I found the column by Anita Bruzzese, ‘On the Job: Building rapport is a learned behavior’, to be very interesting and relevant, partly because of my psychology background, and partly because of my fascination with the FBI! But mostly because I can relate to this, due to my many years of interviewing experience as a Recruiter. I have found that interviewing is definitely a learned behavior that takes times to develop, both on the interviewee and interviewer sides. I will admit, I have griped after an interview where the candidate talked too much, made odd comments, didn’t read my body language (aka, ‘establishing time constraints’ as Robin Dreeke describes in the article), etc. But I have the unfair advantage of eight years of interviewing experience, whereas most people have only gone on a handful in their lifetime. I have learned it’s as equally important for me to do my part to make the candidate feel comfortable and less nervous/threatened, so that they can do their part and answer my questions effectively. Interviewing is a nerve-wracking experience for most people, so reading this article before-hand could really help ease some jitters. And if you’re about to interview with me, just start talking about animals (especially kitties) or Michael Kors and you’re in like Flynn. ;)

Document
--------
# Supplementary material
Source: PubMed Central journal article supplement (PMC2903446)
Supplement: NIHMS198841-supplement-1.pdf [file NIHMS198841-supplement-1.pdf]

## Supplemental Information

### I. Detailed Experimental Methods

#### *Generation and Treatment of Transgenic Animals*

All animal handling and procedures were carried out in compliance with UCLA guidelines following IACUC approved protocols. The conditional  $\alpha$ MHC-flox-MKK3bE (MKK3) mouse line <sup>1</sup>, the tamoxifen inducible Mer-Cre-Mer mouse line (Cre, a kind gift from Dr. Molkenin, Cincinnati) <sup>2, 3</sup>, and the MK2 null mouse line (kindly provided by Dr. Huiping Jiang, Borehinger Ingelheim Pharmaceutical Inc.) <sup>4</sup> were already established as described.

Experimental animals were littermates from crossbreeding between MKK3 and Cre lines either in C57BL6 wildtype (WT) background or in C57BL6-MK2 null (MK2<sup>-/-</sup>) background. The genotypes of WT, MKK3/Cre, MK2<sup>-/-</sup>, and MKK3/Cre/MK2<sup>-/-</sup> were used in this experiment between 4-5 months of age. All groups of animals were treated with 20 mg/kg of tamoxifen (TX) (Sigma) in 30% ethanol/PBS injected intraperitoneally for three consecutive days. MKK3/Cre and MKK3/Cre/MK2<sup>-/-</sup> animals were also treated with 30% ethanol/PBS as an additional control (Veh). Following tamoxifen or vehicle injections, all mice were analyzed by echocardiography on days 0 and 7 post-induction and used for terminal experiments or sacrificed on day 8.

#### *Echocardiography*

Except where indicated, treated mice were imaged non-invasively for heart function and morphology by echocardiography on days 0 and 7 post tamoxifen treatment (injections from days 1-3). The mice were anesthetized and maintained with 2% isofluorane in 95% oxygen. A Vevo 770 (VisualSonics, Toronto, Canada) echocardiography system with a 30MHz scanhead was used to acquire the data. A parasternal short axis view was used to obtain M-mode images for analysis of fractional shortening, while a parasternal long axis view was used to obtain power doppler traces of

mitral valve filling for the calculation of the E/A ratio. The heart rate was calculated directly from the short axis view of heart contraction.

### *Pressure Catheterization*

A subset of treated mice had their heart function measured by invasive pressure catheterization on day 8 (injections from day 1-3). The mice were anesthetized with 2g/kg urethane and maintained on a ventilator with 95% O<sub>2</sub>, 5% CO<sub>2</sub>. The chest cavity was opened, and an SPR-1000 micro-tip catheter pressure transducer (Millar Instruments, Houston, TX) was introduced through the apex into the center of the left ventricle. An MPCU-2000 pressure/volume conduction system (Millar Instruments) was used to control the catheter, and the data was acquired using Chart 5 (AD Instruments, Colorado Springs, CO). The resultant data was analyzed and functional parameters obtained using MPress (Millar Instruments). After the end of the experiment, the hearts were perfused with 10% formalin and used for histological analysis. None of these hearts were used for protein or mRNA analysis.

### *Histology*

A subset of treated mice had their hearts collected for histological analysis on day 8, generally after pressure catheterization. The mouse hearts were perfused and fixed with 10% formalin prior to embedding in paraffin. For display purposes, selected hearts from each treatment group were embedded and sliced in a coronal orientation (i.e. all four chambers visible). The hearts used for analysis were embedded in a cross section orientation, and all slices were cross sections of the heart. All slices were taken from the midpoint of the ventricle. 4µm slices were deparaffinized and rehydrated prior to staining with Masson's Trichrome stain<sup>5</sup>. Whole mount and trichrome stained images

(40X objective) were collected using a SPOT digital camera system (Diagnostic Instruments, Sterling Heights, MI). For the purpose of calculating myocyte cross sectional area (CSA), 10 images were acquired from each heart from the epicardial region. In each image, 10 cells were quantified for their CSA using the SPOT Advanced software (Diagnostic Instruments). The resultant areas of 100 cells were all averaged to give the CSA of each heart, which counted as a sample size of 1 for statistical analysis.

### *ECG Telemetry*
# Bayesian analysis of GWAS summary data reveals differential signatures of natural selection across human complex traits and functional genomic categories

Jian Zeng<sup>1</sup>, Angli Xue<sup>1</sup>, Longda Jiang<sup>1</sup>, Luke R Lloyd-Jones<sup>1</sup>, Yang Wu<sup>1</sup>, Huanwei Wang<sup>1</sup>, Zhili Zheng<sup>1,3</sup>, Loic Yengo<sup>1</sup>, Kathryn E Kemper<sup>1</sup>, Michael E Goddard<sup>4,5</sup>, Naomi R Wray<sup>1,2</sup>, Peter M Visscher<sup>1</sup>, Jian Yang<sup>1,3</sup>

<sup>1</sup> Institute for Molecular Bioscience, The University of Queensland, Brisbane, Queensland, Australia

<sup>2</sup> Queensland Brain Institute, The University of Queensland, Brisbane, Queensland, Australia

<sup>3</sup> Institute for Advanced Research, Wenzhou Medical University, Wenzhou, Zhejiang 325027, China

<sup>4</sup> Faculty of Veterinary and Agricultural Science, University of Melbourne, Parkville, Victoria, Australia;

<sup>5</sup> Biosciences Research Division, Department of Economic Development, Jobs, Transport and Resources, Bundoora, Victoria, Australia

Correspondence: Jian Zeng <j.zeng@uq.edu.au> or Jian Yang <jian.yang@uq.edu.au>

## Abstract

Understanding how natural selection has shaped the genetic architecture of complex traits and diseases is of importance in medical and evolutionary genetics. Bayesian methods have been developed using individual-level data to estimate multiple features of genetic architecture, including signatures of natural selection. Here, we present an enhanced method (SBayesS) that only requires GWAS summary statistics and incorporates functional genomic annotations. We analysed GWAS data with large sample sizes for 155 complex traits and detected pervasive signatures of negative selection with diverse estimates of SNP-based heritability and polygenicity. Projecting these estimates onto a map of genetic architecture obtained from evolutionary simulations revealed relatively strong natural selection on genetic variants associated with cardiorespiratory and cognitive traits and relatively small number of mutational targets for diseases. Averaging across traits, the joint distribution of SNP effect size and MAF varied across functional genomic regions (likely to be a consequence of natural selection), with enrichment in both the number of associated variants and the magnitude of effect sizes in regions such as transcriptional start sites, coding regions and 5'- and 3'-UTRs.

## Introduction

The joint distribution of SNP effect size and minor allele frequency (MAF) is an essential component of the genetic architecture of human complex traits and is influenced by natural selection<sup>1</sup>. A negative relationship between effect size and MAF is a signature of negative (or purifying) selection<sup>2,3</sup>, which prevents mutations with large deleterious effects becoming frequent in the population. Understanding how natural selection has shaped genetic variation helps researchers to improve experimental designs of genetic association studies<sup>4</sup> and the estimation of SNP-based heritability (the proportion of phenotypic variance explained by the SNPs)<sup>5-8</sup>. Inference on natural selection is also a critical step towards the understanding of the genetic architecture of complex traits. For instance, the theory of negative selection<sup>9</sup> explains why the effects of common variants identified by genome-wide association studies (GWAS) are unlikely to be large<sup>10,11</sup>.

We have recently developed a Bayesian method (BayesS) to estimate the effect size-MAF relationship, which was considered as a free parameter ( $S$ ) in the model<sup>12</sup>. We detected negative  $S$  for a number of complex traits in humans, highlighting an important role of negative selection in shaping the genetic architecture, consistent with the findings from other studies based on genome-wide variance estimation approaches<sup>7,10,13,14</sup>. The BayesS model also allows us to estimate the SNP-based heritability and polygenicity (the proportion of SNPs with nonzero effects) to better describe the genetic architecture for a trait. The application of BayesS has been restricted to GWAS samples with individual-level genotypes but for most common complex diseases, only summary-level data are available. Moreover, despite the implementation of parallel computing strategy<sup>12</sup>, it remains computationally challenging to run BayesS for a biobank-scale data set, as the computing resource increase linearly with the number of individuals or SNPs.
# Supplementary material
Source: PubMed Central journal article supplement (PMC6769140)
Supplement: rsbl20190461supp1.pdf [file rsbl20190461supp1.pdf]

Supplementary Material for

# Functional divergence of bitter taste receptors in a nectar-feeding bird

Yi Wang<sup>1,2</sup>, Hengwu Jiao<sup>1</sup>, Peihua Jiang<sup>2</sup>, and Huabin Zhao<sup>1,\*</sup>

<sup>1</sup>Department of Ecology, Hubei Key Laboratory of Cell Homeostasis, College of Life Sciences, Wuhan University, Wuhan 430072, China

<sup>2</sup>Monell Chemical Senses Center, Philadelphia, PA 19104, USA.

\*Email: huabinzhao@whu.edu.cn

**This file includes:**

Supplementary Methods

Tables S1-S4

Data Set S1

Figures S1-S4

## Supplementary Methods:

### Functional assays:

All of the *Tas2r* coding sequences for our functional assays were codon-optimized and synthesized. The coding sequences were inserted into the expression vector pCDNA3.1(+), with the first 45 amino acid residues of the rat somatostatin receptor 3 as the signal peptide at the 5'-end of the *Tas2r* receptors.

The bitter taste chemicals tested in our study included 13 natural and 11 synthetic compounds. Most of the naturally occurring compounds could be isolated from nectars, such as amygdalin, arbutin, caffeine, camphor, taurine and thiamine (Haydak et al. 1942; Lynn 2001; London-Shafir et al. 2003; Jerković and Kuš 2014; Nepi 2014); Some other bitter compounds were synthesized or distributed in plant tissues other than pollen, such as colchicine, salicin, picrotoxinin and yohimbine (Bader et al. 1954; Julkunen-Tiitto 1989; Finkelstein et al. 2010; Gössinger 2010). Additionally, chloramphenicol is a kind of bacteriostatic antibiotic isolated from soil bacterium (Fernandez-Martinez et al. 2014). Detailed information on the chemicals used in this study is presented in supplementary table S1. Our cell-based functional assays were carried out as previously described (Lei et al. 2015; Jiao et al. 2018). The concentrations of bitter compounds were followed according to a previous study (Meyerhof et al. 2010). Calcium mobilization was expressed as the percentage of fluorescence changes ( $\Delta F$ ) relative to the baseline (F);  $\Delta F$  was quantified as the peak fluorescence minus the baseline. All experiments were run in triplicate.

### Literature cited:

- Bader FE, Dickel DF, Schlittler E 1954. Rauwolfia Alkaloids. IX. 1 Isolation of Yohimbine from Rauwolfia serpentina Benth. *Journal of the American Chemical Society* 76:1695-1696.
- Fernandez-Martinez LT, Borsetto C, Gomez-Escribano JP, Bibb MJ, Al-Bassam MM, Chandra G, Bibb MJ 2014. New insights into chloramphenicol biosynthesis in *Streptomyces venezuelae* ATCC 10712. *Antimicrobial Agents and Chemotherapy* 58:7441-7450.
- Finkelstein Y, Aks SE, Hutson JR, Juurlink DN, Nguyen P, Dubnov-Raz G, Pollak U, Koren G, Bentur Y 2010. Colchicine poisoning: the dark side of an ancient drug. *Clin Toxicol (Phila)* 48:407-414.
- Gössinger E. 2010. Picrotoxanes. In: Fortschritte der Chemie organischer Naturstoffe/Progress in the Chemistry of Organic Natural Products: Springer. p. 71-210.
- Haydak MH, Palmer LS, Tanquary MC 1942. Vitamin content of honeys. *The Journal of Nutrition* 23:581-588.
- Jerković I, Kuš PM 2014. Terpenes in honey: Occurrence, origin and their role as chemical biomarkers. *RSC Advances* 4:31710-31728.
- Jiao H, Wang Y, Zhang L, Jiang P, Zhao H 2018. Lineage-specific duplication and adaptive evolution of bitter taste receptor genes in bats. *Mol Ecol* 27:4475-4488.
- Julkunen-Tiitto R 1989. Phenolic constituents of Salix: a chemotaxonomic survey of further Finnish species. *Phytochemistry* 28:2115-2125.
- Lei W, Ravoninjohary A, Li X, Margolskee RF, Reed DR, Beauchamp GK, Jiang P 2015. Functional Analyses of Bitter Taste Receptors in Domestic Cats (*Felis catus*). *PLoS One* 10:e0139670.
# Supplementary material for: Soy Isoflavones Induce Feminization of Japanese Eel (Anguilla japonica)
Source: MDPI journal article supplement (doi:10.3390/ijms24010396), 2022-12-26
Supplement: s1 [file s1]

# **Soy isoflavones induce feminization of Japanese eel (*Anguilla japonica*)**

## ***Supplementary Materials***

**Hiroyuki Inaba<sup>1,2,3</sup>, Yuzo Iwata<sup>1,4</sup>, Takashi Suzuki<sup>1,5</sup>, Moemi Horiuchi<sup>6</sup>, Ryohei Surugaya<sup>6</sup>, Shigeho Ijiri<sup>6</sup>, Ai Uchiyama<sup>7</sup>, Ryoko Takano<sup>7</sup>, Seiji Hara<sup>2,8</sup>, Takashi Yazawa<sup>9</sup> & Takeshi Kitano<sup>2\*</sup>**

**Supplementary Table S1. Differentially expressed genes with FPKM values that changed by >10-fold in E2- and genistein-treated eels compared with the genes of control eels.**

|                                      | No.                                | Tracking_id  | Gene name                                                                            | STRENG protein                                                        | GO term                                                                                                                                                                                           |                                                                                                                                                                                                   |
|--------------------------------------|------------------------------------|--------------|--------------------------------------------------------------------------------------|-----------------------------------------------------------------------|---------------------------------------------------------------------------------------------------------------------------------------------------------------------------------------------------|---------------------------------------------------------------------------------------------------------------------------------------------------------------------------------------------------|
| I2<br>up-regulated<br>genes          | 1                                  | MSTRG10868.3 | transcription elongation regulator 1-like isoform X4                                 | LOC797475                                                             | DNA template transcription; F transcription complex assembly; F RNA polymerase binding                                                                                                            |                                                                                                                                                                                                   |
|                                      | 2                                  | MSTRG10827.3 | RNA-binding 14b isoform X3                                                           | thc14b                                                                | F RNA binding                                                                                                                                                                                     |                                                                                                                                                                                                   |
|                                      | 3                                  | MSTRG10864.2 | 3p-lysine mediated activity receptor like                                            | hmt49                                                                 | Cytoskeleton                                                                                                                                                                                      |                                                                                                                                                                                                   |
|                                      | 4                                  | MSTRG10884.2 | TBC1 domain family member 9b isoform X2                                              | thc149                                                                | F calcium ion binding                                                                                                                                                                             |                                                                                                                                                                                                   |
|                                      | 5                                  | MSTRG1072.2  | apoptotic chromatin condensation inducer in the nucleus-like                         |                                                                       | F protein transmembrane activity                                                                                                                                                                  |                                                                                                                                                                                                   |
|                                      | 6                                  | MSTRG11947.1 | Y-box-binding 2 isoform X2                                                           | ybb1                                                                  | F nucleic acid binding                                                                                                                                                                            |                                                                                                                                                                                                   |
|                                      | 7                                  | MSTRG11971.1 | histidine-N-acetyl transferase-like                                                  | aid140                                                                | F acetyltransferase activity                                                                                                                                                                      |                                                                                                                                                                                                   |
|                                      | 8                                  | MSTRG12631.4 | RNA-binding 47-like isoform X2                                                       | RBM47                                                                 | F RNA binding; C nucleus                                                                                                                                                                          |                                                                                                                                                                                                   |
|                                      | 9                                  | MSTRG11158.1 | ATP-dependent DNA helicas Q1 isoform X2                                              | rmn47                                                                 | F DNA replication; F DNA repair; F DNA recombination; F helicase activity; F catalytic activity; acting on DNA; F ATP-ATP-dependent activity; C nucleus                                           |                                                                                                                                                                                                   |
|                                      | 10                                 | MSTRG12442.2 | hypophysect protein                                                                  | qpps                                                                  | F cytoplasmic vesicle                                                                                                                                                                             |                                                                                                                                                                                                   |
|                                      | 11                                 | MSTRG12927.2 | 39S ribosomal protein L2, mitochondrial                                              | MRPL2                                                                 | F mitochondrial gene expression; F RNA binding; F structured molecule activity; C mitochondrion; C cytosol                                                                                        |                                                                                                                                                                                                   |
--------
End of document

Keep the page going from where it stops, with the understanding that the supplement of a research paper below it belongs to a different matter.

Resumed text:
In many fictional stories, the good guy always manages to establish some kind of rapport with the bad guy. This causes the villain to spill his guts, revealing all the necessary details needed for the good guy to avert worldwide disaster and save mankind. It's not always that way in the real world, however. While the good guys in movies or television make it seem easy to establish a connection with a stranger, it can be intimidating just thinking of trying to strike up a conversation with someone you don't know, such as a hiring manager or a potential customer….